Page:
“API has internal policies that address the standards of conduct for API employees.
All API employees are required to annually affirm in writing that they comply with these policies. These documents are for internal use only and we do not provide copies to third parties.”
It should be clear to any casual observer that “the emperor has no clothes.” So, why aren’t there armies of whistleblowers crying foul? One word: retirement.
The API insider consulted for this story is a cautionary tale. “Auditors at API lie, and staff back them up. I had to hire a man to go to every individual audit, in Canada and in the United States. I was kicked out … because I dared challenge API,” he told The Hayride.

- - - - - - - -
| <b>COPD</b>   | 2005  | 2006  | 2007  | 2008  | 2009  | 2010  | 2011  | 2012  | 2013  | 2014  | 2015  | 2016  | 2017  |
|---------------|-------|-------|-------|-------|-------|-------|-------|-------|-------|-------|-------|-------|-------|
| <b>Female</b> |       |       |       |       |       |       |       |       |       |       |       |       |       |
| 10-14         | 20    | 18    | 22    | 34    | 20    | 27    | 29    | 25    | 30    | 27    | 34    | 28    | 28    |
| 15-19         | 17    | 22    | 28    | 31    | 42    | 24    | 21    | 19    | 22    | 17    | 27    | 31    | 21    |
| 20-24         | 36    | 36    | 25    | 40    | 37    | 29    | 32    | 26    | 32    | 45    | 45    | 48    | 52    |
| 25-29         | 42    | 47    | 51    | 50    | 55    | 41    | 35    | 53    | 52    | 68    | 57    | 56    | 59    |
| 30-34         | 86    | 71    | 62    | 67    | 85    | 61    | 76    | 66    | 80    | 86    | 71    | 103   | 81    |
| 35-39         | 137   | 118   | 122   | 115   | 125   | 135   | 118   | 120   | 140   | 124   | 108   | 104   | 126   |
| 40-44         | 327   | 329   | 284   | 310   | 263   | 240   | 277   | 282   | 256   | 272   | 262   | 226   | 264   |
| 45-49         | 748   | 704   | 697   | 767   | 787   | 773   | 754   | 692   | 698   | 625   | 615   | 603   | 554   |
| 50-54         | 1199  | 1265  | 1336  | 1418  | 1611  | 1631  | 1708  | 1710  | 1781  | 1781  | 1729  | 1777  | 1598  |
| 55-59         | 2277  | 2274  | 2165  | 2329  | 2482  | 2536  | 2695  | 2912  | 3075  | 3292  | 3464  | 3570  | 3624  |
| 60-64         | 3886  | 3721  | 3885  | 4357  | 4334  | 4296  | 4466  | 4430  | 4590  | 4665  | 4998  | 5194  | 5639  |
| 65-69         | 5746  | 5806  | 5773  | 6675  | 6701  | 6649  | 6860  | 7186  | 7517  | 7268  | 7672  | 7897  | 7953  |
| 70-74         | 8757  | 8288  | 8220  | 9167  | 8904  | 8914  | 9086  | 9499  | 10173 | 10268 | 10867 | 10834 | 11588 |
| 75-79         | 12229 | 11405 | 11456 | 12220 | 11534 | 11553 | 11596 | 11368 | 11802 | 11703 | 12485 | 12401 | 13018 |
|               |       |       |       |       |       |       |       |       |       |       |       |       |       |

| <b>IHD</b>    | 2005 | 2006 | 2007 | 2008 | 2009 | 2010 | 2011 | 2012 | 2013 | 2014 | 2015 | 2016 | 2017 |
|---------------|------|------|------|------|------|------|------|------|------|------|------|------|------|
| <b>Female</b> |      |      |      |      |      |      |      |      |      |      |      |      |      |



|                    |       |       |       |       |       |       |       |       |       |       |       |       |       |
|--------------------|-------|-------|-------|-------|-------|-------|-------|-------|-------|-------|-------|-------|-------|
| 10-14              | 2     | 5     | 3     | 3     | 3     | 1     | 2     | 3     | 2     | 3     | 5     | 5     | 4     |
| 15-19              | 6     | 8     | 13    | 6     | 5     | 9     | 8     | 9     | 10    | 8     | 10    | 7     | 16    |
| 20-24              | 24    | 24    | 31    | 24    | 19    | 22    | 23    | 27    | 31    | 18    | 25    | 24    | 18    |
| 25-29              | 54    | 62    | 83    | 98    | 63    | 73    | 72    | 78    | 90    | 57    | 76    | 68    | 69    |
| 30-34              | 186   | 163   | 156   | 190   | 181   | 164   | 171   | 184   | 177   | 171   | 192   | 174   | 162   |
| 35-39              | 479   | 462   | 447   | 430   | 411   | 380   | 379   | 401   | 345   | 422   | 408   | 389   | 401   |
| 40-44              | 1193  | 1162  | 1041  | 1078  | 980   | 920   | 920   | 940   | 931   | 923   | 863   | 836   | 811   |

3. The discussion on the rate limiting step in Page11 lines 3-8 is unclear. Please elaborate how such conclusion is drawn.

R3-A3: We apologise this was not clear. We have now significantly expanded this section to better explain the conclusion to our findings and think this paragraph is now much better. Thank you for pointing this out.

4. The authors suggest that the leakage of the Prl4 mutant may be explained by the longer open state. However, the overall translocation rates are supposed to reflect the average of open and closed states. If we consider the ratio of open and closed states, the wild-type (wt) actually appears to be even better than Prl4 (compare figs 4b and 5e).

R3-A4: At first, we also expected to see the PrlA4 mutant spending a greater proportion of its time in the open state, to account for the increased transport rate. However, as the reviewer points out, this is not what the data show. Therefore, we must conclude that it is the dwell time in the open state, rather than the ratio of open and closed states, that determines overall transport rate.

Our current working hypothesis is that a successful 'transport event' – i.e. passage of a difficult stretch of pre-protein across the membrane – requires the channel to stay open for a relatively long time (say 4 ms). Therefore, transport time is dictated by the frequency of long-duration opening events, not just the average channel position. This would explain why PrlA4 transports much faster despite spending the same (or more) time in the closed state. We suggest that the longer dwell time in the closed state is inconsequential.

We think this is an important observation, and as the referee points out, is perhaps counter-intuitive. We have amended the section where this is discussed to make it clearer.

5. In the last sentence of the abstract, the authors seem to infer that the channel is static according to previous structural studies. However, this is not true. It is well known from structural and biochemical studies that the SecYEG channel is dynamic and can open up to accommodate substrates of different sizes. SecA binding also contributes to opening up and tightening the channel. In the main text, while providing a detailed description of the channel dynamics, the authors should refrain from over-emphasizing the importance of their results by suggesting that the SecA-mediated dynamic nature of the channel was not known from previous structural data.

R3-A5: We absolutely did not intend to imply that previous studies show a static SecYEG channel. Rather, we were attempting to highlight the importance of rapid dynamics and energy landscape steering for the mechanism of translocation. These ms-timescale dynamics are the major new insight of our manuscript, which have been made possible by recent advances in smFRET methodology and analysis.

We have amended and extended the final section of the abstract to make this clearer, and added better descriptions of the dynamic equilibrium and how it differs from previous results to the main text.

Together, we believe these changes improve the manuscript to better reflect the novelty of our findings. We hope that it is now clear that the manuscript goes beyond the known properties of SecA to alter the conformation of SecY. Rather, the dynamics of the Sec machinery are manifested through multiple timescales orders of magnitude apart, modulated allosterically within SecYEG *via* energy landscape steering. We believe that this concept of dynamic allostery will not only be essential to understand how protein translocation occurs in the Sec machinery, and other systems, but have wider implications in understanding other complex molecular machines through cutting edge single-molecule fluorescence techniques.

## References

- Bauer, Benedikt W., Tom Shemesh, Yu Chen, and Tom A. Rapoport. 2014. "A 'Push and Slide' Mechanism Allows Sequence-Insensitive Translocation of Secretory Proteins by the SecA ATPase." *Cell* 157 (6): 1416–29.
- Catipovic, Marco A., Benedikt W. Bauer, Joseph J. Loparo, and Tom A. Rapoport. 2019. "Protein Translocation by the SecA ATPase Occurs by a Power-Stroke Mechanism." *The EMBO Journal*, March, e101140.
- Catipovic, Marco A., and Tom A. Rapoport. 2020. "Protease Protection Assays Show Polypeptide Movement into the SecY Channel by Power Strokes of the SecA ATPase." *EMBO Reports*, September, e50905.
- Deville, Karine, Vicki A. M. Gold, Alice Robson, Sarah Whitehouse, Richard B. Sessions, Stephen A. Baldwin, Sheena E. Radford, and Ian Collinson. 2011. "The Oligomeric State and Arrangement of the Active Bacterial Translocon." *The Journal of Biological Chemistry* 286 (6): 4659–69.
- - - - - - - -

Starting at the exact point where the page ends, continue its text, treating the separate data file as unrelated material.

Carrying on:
The truth is, silence will not protect the industry from retaliation by API. Getting on a crocodile’s back hoping to be eaten last merely delays the inevitable.
Moreover, consistency is never the mark of stupidity. Once is an accident, twice is suspicious, and three times is a pattern. “If they were merely making mistakes, occasionally they would make a mistake in our favor,” Truman administration Secretary of Defense James Forrestal once famously quipped.
API makes the same lucrative mistakes all too often, usually under the auspices of its “monogram” program, which technically must only be completed by licensed companies once every three years.
“How about auditors coming in and saying, ‘My interpretation is the only right one.’ And if they want to, they can come back again and again and again,” the former API higher-up explained